Why You Should Make Sure The Helmet Fits

Buying the bike helmet isn’t enough, of course. We have to make sure our children actually wear them. We’ve gone through phases at our house (loathing to loving the helmet). The challenge isn’t often buying the helmet, it’s getting that helmet on every time and fitting it properly. I’ve learned the hard way– -after I pinched the skin on O’s chin a few times, I wasn’t even allowed to be the one helping him get it on!

Despite my lack of popularity with the boys on helmets, I’ve maintained hard rules: if the helmet isn’t on, the bike goes away and can’t be used for another 24 hours. I see helmets without buckled straps or hanging off the back of children’s heads everywhere I go. It wasn’t until I wrote a blog post about helmets when my oldest started to bike a few years back I learned to fit one properly.

Wearing a helmet reduces injury from bike & bike-motor vehicle accidents over 80% of the time. If the helmet isn’t snug and fit properly, it is far less likely to reduce injury. Hundreds of children and adults die annually in the US on their bicycles (primarily when struck by a car). Because 3/4 of all deaths on bicycles come from head injuries, wearing a properly fitting bike helmet can be a huge win. I hear over and over from children and parents in clinic that even though there is a helmet in the house their child isn’t always wearing it.

Further, when I review how important it is that the helmet fits, children and teens will often tell me they aren’t likely wearing it correctly.

Fitting A Bike Helmet

correct helmet fitYou want to ensure the helmet fits properly in 3 locations: above the eye, around the ear, and under the chin.

Eye: The helmet needs to be level on your child’s head (not back on their head like a baseball cap or yamaka) and needs to be positioned squarely on the forehead. Check with your fingers that the helmet is just 1-2 fingers above the eyebrow line.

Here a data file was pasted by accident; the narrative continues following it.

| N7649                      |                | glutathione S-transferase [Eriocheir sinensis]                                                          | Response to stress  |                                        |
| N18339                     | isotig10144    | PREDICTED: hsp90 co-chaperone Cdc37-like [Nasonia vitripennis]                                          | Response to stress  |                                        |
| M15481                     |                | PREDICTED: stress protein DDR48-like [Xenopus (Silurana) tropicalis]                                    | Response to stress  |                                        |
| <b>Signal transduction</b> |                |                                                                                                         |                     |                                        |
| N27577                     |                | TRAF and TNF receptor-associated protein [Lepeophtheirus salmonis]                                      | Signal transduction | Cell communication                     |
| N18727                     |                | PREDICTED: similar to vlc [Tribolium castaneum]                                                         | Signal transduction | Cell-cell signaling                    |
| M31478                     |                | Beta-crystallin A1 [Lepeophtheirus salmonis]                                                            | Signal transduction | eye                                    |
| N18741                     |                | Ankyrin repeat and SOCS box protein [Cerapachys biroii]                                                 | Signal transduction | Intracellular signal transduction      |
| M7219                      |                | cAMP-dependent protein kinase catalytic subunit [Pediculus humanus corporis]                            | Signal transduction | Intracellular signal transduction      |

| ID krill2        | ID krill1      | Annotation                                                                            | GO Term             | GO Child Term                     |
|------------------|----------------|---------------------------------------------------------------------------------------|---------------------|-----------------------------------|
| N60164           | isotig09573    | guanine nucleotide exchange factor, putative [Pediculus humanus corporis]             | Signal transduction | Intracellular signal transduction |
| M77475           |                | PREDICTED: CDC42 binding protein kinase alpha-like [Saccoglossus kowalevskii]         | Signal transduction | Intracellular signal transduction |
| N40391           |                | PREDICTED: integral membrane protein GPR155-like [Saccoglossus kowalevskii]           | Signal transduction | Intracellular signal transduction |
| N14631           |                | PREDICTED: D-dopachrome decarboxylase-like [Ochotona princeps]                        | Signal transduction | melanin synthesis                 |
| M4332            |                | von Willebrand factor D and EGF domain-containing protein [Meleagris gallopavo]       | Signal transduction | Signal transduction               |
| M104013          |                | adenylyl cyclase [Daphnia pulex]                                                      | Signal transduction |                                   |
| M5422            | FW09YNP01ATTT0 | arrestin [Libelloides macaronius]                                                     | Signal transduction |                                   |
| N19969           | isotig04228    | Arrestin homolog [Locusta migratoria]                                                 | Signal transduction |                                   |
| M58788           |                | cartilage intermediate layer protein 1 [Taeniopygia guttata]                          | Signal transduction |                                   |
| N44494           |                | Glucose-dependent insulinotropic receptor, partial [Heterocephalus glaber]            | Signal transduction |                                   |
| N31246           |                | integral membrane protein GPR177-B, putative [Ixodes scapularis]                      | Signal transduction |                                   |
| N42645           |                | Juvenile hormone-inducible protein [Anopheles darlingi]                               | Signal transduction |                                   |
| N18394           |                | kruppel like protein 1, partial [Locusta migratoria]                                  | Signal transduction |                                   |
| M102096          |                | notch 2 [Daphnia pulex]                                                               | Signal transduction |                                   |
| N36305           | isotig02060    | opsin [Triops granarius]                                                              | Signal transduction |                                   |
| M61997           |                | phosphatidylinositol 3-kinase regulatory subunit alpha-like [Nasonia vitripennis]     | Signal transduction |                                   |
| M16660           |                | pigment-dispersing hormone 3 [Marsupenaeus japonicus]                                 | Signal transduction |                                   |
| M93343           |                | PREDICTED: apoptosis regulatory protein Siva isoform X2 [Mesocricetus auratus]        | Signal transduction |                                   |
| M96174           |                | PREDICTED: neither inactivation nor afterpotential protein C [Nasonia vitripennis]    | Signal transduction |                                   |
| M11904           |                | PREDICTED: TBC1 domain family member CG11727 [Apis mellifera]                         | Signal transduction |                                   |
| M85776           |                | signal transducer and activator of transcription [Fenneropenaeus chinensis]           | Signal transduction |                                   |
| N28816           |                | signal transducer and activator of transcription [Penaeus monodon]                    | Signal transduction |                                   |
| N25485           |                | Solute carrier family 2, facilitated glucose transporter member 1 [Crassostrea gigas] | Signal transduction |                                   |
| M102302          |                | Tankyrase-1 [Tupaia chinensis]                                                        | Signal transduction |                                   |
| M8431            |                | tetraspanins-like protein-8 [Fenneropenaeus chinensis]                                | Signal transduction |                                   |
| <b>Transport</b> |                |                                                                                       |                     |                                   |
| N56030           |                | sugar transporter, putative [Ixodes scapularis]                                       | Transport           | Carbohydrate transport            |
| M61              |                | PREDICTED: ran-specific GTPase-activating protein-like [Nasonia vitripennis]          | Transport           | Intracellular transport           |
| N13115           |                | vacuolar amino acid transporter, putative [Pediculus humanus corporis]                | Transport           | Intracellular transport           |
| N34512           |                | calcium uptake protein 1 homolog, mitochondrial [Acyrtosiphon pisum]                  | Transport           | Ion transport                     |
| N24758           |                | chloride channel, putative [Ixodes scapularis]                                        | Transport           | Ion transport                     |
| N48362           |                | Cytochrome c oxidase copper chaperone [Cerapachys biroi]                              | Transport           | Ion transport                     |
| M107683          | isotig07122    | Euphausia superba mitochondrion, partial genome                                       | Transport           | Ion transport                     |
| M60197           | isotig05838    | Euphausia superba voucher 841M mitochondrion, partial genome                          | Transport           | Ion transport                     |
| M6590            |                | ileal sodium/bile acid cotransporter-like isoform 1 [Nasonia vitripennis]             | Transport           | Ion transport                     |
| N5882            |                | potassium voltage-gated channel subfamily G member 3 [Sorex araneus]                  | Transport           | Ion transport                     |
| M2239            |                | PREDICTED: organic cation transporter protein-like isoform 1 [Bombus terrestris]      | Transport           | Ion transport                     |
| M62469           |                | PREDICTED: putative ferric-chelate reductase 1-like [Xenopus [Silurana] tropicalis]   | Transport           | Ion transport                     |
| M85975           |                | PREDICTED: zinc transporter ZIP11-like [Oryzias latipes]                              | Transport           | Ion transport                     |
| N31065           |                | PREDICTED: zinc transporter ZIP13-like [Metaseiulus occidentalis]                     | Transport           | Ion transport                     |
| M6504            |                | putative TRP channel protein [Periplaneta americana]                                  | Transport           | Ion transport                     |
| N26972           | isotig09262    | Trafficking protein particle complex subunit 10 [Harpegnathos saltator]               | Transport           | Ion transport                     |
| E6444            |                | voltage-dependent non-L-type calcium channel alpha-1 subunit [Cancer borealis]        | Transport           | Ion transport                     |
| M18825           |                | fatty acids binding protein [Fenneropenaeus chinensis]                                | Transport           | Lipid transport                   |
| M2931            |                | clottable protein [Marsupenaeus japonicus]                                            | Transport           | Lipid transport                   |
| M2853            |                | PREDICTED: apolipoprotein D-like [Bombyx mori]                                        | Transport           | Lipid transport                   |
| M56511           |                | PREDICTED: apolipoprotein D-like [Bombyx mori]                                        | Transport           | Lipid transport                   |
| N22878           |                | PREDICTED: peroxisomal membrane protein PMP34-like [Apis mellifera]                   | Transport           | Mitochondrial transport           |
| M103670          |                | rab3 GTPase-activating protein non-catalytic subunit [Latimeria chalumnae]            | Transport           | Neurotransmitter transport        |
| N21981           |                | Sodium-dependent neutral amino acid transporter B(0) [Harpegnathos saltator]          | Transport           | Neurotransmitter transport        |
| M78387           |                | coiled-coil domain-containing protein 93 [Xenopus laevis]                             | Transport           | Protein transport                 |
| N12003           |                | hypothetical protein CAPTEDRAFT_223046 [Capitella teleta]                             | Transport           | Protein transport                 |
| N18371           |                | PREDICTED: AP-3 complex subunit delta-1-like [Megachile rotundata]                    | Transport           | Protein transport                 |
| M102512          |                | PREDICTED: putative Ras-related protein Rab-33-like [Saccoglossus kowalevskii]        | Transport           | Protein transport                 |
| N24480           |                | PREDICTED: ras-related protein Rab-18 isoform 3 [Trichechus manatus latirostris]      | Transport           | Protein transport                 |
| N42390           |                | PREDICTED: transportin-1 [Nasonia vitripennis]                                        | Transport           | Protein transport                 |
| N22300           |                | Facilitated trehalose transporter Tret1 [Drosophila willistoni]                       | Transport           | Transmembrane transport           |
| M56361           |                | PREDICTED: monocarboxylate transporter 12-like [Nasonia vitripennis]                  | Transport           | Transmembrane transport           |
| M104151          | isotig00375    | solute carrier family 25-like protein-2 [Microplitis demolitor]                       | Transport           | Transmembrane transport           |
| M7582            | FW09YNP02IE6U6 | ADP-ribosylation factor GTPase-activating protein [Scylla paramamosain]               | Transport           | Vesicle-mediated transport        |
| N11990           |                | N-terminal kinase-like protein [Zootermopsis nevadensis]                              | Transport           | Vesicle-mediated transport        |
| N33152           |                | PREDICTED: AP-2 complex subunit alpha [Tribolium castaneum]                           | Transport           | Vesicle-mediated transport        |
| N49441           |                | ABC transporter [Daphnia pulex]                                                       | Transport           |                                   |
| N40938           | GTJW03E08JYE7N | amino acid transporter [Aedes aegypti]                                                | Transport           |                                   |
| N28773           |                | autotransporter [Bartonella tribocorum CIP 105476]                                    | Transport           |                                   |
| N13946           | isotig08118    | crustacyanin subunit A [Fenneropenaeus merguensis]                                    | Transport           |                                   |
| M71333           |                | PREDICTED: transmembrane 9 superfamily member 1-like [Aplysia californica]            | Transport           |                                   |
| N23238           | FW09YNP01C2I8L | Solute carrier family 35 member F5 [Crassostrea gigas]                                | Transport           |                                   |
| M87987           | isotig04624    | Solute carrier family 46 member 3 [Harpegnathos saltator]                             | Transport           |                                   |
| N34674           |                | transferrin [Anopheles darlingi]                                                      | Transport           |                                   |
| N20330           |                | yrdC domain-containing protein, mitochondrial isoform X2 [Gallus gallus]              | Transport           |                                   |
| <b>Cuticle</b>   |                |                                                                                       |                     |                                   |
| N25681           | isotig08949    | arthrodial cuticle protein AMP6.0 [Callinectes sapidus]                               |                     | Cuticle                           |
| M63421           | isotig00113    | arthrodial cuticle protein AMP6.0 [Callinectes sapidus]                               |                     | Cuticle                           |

Ear: The helmet straps should lie flat against their head (no twists!) and should form a “Y” shape just under the ear.

Chin: This is likely the point of most contention with children! The strap needs to be snug. Your child can help do the buckling (to avoid the dreaded pinched skin) but you make sure they are adjusted to the correct length. It should be snug enough to allow only a finger between the strap and chin with their mouth closed. When your child opens their mouth up wide, it should cause the helmet to move down on their head (see the video).

Read full post »

Ask About Guns

Screen Shot 2013-06-18 at 9.45.50 AMIn my house we’re busy, working parents but we’ve certainly had lots of friends and relatives here at our house to play. No one has ever asked me if we had guns in the house. Last week my son visited a neighbor’s home and I didn’t ask before he went over.

I’ve asked friends and relatives if they had guns in their home in the past but I’m inconsistent–I may be out of practice. Asking a friend if there is a gun in the house can seem like a challenging and invasive task. I’ve written previously that asking about guns in the house for the first time can feel like asking about the color of someone’s underwear. We have to get over it.

An average of 8 kids and teens are killed by firearms every day and 42 additional children and teens are seriously injured.

It’s national ASK Day today thanks to the Center to Prevent Youth Violence. The statistics that got us here are staggering.

In April, for example, Bonnie Rochman at TIME wrote, “a 4-year-old picked up a loaded gun at a cook-out and accidentally killed the wife of a sheriff’s deputy in Tennessee. And on Monday, another 4-year-old shot and killed a 6-year-old friend as they played outside in a New Jersey neighborhood. ‘I’m sad for the children involved and their families, but I’m angry with whoever owns that gun and allowed a little child to get hold of it,’ neighbor Debbie Coto told the Associated Press.”